For the past month, I’ve written in my journal every single day. I know. Big deal, right? Well, if you’re anything like me, sticking with a journal for more than thirty minutes is a huge win.
So let me share how I finally—and kind of accidentally—started a daily journaling habit that has fueled a surprising amount of writing over the past month.
If you’ve ever struggled to build a daily writing habit, read on.
How to keep a daily journal
I don’t keep a bullet journal, productivity tracker, to-do list, gratitude journal, idea notebook, diary, or any other fancy journal. Instead, I started something called a “book journal.” And even though it’s super simple, this little journal has single-handedly changed how I write. Here’s how it works.
How to Keep a Book Journal:
- Carry a small spiral notebook and a pencil with the book you’re reading
- Copy down any lines that you like, word for word
- Note the page or chapter where the quote comes from
No thoughts. No opinions. No notes. Just record your favorite lines and passages from whatever book you’re reading (right now that’s Roald Dahl’s Boy), and get back to reading. Rinse and repeat as needed.
I’ve recently started underlining certain words in the journal, but that’s just so I can find certain passages later (the pages are getting crowded!). Basically, a book journal is the opposite of marginalia.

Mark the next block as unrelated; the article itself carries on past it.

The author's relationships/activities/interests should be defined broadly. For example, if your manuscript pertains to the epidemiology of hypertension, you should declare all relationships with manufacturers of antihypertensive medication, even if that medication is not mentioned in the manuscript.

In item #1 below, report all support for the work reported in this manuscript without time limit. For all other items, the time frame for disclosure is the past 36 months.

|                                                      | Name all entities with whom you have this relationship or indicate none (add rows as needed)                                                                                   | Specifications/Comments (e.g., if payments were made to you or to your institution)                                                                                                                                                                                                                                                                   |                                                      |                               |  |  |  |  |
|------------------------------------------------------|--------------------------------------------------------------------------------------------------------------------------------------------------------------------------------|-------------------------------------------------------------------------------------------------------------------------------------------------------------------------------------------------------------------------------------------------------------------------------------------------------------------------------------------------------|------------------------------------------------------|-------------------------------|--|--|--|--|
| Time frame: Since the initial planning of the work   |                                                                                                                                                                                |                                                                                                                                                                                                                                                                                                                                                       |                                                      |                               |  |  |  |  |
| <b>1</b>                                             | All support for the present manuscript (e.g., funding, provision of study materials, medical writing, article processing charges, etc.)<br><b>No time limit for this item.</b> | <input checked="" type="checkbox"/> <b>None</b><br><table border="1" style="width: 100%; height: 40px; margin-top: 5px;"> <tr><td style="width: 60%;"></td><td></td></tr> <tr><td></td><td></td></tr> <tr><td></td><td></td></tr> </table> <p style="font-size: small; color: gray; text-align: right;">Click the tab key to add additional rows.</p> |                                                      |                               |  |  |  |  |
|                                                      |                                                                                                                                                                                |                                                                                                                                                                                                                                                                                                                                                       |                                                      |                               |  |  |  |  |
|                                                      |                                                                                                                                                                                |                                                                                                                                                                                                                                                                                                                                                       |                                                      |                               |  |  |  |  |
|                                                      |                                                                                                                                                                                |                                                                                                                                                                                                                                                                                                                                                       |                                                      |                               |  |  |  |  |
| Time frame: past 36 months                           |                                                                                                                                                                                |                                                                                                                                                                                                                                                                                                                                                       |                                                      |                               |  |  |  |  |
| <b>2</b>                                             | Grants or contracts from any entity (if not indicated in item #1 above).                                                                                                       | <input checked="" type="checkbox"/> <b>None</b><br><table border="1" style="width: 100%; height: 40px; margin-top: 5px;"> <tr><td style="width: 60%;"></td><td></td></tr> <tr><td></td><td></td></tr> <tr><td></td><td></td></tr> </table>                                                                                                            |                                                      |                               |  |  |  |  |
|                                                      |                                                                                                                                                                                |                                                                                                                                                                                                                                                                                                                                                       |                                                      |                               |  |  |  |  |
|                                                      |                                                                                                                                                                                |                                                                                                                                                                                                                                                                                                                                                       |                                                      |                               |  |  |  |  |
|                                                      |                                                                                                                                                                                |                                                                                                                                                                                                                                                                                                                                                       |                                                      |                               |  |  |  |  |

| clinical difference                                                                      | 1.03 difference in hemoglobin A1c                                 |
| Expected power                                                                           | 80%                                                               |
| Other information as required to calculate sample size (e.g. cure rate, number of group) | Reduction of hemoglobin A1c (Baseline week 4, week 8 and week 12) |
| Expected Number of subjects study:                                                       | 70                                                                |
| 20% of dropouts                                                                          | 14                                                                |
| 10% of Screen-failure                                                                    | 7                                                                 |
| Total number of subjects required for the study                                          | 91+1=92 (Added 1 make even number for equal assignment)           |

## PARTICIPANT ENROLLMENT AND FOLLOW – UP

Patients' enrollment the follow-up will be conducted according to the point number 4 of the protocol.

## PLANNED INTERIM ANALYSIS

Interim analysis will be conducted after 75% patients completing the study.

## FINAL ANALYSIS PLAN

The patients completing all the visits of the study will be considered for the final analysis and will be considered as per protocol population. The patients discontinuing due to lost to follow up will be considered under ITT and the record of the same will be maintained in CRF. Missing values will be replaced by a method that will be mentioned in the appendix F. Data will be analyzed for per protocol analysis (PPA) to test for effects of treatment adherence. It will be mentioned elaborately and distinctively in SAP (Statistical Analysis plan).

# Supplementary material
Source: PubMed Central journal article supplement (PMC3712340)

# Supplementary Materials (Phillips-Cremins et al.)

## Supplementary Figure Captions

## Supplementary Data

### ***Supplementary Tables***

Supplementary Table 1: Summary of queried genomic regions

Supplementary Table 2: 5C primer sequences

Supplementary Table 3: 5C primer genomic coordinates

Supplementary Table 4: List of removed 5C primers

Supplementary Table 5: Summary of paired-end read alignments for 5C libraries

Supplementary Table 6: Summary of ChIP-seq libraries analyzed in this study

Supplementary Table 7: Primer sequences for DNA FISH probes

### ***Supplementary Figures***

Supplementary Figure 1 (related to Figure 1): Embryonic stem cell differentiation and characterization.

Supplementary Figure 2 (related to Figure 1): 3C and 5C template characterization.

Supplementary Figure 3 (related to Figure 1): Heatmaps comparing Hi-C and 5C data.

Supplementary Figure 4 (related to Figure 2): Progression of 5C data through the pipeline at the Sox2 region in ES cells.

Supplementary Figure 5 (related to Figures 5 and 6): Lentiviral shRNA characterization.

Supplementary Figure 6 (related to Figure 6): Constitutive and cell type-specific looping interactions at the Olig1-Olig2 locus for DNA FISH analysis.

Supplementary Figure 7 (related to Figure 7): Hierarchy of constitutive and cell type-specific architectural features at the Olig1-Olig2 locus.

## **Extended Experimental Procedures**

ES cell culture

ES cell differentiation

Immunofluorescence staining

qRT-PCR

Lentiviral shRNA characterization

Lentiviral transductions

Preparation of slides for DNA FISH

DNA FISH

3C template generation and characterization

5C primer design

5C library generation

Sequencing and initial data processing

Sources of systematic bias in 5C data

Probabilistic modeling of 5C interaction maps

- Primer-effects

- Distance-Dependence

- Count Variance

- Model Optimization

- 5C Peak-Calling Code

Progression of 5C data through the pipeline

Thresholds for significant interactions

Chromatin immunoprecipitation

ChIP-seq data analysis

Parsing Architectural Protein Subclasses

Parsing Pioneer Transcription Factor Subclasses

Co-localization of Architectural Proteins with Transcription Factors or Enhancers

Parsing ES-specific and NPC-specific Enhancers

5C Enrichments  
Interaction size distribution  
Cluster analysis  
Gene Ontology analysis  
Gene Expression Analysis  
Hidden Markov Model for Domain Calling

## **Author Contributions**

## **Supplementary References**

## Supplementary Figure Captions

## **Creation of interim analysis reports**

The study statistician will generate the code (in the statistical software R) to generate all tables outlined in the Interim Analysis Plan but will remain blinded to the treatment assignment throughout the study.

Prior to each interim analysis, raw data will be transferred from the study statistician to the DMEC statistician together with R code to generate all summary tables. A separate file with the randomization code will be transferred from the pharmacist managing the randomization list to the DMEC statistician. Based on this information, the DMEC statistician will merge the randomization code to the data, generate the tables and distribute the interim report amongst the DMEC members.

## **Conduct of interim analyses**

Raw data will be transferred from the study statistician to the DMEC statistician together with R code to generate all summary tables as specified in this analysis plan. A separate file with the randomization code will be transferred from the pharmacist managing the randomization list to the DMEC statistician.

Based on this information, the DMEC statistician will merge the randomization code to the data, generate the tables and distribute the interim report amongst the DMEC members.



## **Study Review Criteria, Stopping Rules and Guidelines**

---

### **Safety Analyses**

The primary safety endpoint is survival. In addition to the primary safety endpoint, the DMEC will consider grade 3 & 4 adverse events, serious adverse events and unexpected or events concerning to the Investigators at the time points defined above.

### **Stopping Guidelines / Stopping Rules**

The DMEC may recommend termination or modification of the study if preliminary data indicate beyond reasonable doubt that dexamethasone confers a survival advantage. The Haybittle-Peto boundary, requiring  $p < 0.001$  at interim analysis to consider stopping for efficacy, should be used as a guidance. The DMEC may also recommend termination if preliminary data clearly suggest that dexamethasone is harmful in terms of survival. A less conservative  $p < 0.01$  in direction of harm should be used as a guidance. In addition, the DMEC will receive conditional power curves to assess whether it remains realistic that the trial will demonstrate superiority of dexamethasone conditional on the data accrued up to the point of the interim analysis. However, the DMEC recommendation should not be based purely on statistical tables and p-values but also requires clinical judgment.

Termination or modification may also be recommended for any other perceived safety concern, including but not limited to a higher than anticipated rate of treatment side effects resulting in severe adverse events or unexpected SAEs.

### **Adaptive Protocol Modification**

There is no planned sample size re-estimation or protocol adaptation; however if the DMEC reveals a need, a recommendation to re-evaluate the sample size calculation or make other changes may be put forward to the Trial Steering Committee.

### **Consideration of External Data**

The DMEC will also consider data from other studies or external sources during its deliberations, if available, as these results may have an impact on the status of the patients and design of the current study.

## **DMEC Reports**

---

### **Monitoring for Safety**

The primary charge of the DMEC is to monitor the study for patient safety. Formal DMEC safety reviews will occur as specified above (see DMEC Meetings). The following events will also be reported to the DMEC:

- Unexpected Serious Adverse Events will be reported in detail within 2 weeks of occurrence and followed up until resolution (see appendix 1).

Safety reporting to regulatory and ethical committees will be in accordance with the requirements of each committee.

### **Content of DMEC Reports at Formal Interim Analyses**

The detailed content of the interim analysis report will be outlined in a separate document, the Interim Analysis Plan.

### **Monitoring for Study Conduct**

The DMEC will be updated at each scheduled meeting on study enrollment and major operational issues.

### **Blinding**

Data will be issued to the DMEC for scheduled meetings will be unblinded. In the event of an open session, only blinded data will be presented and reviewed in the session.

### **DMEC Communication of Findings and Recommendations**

And that’s the best part of keeping a book journal—it’s easy. I don’t need to “summon my muse” or follow inane writing prompts to get words on the page or feel productive. If a line or phrase makes me say, “Huh,” I take out my pencil, open the journal, and copy it down.
Keeping this ridiculous excuse for a journal has become my absolute favorite way to start the day.
And that’s the best part of keeping a book journal — it’s easy.
Writing fuels more writing
Surprised? Underwhelmed? A little mad that I consider this blatant elementary school level of plagiarism “journaling?”
I was too.
But after a few days of jotting down my favorite parts from books like Frankenstein, Childhood’s End, Love in the Time of Cholera, and Catcher in the Rye (they’re all still fantastic, by the way), a funny thing happened.
I started writing more. And not just in the journal. New ideas went from drafts to published stories in a single day. Articles I’d been struggling with for weeks finally clicked. Even some of my most tedious client work and emails went more smoothly. Heck, I’ve written over a dozen poems in the past few weeks.
The Purpose of a Pinky Finger
Finally a good use for that little guy
I’m not just writing in my journal every day. I’ve had enough extra time, energy, focus, and inspiration to write friggin poetry in addition to my other articles. It’s been a weird couple of weeks, guys.
But that’s the thing about simple, daily, low-stakes, progress — it often creates a feedback loop of positive results that breeds even more progress. And if you’re lucky, you might end up with a brand new habit.
How to get addicted to writing